As the party begins and feet file in to the waterfront dance floor, it becomes abundantly clear why Wherever I Go is needed. The beach is alive with the swinging beats of konpa, house and every flavor between as Haitian DJs Gardy Girault, DZgot and more soundtrack the melting, sorbet-colored sun meeting the water’s line. Come nightfall, ears are eager for the rasin sounds of Port-au-Prince natives Boukman Eksperyans, who reach out toward the party’s outstretched fingers while belting their brand of Haitian folk-meets-rock ‘n’ roll. The island shimmers through drums stirred by every corner of the globe and comes to life through the rounded drawl of creole lyrics. Though there’s some overseas talent (namely England’s Third Party and LA pop/dance artist Roy English), the focus stays on homegrown names, and as we look around from sand, to sea, to mountain, we remember that innate Haitian belief of connectedness between music and their surroundings, and suddenly understand.
Brun’s closing set only serves to heighten anticipation as the crowd has been waiting for him to play the festival’s namesake all night. When it finally happens, the energy boils over with hands flying in the air and raucous shouts intermingling with belted out lyrics. Students from The Audio Institute arrive, brandishing an oversized Haitian flag. Confetti cannons go off. The deep crackle of fireworks hits our chests as each rocket splits and illuminates the sky. When the second chorus arrives, Brun starts turning the volume down, a cue, we think, for people to chime in. They don’t need the encouragement, singing, “wherever I go” repeatedly and with zeal.
Though the group acapella has everyone razzed, it’s not why the song was cut. Brun has spotted something in the audience. Suddenly, the song’s familiar hook arises again, though it’s not from the DJ booth. Among the crowd, a traditional rara parading band has appeared, picking up the ‘Wherever I Go’ melody, weaving throughout while puffing their lungs into vaksen (bamboo and brass trumpets) and rattling percussion. There’s an immediate gravitation toward the musical cluster and bodies bob to their ever-increasing tempo. To live this moment is to know what Haiti is – it’s a celebration within a celebration where modern Taino, French, Spanish and African inspirations in ‘Wherever I Go’ bleed seamlessly into the centuries-old tradition of a raucous rara, exposing a very real thread that still exists here between old and new. Brun can only watch in laughing disbelief at this unplanned addition.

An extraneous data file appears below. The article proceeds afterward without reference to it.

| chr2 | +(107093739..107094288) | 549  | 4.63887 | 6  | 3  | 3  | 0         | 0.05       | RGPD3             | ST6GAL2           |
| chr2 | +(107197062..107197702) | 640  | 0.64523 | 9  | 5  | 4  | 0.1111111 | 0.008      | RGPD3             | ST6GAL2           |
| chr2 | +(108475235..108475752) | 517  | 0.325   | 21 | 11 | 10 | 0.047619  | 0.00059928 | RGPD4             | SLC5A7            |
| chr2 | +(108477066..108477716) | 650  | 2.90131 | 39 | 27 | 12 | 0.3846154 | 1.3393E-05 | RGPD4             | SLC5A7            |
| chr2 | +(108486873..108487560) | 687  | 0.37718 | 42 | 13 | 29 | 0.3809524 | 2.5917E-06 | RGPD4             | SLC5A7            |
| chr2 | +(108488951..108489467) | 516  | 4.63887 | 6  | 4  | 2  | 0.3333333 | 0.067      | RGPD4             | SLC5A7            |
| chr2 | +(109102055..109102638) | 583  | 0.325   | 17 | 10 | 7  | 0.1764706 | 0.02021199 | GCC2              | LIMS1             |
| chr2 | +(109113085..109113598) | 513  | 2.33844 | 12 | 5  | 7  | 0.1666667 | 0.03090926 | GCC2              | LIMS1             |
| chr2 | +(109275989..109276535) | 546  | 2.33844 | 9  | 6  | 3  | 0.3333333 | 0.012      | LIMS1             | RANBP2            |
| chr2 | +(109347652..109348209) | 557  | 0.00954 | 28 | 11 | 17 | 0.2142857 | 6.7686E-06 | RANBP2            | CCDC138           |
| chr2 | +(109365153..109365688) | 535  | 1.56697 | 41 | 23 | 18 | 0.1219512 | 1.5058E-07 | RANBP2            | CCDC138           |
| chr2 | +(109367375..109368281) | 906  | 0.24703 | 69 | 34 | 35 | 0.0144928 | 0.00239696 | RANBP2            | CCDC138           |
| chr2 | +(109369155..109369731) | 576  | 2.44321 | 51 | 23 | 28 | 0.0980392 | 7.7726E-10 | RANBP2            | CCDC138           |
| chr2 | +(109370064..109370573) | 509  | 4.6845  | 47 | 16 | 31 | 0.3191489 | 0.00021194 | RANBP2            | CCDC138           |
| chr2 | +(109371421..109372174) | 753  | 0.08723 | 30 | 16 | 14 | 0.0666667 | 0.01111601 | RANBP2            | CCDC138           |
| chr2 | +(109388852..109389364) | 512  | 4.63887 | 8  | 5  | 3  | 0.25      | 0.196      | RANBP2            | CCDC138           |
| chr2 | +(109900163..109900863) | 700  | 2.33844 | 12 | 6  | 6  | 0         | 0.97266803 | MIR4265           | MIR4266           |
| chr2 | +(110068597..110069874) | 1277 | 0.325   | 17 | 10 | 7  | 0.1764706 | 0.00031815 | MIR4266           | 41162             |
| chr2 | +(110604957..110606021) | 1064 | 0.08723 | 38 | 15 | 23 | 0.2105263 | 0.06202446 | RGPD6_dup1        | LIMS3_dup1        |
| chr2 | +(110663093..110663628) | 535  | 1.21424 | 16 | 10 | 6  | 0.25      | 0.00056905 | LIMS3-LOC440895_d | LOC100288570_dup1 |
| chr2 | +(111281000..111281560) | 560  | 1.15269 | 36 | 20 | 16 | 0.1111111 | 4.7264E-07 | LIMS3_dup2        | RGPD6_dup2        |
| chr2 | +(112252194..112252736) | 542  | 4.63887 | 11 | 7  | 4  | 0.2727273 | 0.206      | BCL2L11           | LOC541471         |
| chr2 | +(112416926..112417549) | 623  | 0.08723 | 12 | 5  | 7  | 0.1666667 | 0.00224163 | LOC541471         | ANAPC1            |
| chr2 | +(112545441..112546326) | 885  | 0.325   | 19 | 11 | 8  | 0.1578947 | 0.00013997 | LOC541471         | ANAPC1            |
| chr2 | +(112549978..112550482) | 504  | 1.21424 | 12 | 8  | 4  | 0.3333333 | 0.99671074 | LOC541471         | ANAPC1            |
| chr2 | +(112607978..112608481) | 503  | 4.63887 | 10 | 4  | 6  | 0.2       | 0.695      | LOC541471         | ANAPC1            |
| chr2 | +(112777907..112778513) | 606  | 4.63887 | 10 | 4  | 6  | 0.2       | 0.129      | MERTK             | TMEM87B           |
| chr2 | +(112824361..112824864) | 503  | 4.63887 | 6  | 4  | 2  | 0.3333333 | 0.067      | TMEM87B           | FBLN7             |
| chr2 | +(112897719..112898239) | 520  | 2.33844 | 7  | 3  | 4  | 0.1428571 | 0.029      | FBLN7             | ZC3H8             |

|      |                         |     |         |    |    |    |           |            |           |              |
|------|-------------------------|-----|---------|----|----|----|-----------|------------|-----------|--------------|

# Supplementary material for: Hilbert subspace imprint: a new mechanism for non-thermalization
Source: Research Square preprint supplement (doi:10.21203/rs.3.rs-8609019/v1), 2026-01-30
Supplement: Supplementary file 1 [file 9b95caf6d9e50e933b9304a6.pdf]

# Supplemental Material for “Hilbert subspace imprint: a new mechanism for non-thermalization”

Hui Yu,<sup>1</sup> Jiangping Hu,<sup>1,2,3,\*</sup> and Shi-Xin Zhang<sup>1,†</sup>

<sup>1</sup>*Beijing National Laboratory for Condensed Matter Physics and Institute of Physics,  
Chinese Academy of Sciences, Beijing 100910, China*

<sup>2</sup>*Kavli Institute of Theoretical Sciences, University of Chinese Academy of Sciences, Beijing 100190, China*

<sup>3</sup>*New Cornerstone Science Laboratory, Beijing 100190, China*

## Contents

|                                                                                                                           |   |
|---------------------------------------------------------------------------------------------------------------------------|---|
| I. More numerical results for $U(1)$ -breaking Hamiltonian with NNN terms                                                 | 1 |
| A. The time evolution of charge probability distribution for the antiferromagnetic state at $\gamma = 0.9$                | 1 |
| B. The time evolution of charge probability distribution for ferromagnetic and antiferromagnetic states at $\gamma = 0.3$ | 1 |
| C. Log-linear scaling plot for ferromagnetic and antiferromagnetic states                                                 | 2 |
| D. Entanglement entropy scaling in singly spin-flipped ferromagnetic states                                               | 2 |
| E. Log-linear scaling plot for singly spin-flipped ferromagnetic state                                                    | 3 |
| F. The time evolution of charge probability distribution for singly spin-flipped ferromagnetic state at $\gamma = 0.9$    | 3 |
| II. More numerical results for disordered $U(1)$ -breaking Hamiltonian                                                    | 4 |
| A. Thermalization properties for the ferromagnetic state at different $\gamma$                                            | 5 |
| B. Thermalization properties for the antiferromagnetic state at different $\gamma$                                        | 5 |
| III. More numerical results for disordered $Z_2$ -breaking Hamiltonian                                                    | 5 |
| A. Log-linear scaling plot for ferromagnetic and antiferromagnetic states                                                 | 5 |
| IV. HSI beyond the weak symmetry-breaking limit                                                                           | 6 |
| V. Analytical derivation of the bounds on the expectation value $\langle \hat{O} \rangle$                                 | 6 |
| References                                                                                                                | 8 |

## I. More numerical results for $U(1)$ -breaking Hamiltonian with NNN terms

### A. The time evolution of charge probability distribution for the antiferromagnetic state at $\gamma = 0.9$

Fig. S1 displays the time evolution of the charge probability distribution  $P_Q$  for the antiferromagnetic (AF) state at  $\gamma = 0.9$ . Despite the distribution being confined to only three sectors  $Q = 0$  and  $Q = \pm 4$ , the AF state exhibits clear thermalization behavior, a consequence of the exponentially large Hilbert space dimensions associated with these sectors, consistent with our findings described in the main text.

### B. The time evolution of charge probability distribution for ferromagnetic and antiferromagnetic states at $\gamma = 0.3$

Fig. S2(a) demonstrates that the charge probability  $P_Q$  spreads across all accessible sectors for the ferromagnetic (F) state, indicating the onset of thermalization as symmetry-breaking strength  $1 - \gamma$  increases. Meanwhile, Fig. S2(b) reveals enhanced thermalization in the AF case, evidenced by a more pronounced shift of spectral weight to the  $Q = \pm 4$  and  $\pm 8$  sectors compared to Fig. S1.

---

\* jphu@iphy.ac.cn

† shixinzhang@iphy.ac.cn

By night’s end, it’s clear something very extraordinary has happened. As tills are counted and equipment is packed up, there’s the realization that Wherever I Go has exceeded its goals: 33 students will have full scholarships for next year’s new crop at The Audio Institute. Brun is grateful to have the opportunity to contribute toward his home country through the medium closest to his heart, and hopes it’s only the first step in both changing Haiti from within and how others perceive it. “Everyone that comes through, even if it’s one time,” he says, “it touches them in some way.” We nod in agreement, savoring our last rum punch under the warm, Caribbean sky.
To support The Audio Institute in Haiti and learn more about how you can help contribute to scholarships, visit their website.
WORDS: DANI DEAHL